The world needs strong relations with Iran because of its stabilising abilities in the Middle East region, the Swiss ambassador to Iran has said. At a Europe-Iran business forum, ambassador Giulio Haas told possible investors in Iran and Europe, as well as Iranian heads of businesses, that the motivation behind investing in Iran was not just financial, but also political.

"I think, business wise, Iran needs the rest of the world much more than vice versa," the diplomat said. "Whereas... if this exercise in trust building turns out favourably, Iran will be a stabilising force in a very, very unsafe region. In this sense, politically, the world needs Iran to do its share in pacifying one of the critical aspects."

It is not the first time the ambassador has used the geographic and possible political role of Iran as a reason for investors to enter the market after sanctions are lifted. In August, he told Swiss businesses that Iran could be a "pole of stabilisation". The comments come as Western countries and Iran prepare for the lifting of sanctions imposed over Iran's nuclear programme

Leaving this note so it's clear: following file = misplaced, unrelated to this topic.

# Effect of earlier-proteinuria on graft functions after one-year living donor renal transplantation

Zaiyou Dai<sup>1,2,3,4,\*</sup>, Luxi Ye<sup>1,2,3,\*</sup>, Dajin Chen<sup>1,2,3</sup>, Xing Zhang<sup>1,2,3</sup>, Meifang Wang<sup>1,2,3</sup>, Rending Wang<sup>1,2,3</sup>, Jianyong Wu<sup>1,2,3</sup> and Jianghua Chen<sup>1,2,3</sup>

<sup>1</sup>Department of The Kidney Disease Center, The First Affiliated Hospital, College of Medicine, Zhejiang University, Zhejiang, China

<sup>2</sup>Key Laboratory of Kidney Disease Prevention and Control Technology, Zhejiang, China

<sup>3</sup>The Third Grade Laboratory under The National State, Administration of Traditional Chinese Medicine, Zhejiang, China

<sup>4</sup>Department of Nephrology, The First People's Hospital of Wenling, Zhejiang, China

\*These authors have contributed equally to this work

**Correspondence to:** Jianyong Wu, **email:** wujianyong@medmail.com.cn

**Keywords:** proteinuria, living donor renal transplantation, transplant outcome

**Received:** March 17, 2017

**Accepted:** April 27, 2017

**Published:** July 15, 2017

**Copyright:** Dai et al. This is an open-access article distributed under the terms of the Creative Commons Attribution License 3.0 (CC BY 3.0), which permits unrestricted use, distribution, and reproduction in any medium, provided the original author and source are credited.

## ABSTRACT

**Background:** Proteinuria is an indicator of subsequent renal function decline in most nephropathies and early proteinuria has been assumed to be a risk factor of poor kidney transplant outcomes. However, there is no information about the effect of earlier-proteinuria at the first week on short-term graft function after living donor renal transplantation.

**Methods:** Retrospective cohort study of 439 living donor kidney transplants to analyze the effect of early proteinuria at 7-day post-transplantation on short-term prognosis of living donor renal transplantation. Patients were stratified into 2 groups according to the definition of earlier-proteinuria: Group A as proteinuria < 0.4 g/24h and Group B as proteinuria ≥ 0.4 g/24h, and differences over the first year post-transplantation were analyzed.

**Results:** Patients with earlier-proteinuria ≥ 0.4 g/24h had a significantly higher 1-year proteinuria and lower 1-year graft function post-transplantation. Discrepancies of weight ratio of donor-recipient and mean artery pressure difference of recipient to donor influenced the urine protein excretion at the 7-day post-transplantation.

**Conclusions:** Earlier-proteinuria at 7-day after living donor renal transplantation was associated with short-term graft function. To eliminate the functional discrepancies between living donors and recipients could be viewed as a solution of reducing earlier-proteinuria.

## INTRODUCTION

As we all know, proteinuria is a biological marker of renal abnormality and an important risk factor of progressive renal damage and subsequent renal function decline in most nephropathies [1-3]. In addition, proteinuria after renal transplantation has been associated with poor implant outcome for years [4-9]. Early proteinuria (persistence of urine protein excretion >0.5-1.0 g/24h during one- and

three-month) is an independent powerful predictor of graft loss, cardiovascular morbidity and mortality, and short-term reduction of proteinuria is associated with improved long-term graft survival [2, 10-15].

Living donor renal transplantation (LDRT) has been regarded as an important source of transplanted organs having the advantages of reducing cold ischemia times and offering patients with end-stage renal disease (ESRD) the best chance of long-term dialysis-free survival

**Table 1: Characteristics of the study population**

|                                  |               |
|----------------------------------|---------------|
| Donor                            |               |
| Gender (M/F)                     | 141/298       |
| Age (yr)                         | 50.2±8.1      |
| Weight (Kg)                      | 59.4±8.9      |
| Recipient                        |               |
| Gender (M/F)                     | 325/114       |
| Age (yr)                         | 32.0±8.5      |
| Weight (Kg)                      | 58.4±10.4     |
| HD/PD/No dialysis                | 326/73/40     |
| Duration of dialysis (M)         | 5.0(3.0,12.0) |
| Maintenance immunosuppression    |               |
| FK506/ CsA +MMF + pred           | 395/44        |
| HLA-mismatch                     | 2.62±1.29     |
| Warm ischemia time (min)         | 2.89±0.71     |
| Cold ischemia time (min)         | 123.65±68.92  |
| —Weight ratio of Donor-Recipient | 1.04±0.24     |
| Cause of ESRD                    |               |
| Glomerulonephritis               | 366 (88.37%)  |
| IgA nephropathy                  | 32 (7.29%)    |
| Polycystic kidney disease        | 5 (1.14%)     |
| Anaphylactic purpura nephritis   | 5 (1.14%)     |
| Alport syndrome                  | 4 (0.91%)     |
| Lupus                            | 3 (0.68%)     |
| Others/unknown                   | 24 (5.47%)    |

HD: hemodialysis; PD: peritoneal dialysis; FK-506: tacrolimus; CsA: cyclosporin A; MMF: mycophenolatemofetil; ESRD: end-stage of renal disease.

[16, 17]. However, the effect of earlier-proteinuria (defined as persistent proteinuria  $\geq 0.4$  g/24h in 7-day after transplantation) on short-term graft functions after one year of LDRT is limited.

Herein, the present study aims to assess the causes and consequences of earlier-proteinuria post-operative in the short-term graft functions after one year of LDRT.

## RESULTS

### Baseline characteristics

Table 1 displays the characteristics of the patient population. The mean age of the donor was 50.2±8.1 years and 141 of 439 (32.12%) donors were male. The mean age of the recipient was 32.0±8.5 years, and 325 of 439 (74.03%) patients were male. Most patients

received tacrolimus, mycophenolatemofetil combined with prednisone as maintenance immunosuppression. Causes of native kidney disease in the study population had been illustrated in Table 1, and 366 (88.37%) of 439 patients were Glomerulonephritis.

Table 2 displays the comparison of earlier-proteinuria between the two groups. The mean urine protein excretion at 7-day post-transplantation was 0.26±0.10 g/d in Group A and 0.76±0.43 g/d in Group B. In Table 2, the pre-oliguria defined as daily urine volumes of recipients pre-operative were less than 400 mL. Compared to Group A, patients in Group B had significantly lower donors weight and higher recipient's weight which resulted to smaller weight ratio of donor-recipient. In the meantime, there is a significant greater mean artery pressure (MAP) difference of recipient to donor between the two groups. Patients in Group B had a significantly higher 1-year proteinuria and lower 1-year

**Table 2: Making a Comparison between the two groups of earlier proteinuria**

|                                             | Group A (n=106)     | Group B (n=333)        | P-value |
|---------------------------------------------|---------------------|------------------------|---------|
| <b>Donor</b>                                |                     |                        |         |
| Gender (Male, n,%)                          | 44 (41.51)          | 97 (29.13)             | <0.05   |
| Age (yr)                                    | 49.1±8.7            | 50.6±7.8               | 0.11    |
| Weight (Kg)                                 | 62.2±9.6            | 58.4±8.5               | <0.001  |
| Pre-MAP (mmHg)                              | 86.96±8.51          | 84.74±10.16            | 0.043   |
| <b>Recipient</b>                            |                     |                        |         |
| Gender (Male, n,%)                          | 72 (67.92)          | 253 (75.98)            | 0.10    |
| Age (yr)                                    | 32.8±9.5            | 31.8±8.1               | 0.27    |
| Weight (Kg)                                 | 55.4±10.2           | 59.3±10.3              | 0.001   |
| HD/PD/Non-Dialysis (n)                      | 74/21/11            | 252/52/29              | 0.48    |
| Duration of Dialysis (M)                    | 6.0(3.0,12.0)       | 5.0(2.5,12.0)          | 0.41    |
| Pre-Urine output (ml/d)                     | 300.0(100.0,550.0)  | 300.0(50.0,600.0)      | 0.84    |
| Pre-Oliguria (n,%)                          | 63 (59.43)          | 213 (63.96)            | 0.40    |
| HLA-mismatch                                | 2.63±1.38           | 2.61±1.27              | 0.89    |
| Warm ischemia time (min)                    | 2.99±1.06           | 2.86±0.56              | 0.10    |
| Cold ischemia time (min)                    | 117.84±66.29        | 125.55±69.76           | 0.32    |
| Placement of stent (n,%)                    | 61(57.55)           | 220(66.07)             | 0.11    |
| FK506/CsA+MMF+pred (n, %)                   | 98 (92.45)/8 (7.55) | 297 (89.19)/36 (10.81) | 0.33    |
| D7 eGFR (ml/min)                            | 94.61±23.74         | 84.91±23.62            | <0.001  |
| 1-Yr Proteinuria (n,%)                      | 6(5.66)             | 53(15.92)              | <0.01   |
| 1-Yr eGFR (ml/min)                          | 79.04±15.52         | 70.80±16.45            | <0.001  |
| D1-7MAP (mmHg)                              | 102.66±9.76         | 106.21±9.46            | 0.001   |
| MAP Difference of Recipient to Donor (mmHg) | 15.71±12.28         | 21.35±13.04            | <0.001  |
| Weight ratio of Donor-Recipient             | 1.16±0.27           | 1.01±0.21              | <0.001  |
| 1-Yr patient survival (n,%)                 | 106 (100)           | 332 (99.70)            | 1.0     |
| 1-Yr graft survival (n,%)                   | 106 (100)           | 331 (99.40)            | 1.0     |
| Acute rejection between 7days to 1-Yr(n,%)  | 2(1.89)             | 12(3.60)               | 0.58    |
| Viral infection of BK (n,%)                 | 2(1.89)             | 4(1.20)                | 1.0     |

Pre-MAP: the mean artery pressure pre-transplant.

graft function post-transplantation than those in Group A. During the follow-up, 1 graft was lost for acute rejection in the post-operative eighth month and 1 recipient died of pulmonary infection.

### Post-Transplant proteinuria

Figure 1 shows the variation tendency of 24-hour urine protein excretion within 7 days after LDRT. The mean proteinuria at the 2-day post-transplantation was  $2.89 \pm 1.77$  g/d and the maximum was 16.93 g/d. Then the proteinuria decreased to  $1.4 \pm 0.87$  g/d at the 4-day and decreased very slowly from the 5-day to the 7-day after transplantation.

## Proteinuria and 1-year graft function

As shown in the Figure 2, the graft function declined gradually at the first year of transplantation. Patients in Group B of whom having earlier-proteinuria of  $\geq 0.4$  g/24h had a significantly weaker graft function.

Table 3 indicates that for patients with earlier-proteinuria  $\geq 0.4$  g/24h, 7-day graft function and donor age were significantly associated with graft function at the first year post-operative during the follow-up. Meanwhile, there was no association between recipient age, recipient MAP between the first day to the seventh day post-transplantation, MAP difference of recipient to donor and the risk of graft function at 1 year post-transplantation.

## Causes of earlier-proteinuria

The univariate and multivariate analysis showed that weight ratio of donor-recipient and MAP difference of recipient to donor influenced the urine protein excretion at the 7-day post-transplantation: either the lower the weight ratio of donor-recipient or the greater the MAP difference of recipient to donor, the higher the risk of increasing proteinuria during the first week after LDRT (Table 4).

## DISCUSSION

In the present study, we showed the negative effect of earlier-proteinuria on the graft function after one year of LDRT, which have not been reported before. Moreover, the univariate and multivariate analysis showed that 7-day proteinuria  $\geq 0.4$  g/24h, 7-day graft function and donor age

Although some analysts say investors and companies are rushing towards Iran without any concrete proof of the investment opportunities being significantly profitable, the country's young demographic and diverse economy is seen as a good opportunity for businesses to expand to.

Haas's predecessor also underlined the importance of Iran on the global playing field. Former ambassador Livia Leu said: "It's always destabilising if you have countries that are not integrated into the international community, [because] there is of course an imbalance and that creates tension. The more countries you have in the community, the more stable it is."


Haas also said that, although relations between the US and Iran will have a better chance of deepening after the sanctions are lifted, the countries will still be "enemies".

In 2016 or 2017, when the limits to Iran's trade and economy linked to the Islamic Republic's nuclear programme will be lifted, many sanctions on the country will still be in place as they are related to its human rights positions instead.

"The secondary effect of the US sanctions is [that] extraterritorial consequences of primary US sanctions will go away for European companies, so, life looks a lot less difficult after implementation than now," the ambassador said.

"Some of the sanctions to some of the Iranian players will stay in force, because they are not based on the nuclear pact, but they have been based on different other sanctions the US put out, which predate all these so-called nuclear [deal]. That's why I think Iran is one of these countries where any company going in has to know exactly who is the client, who are the shareholders."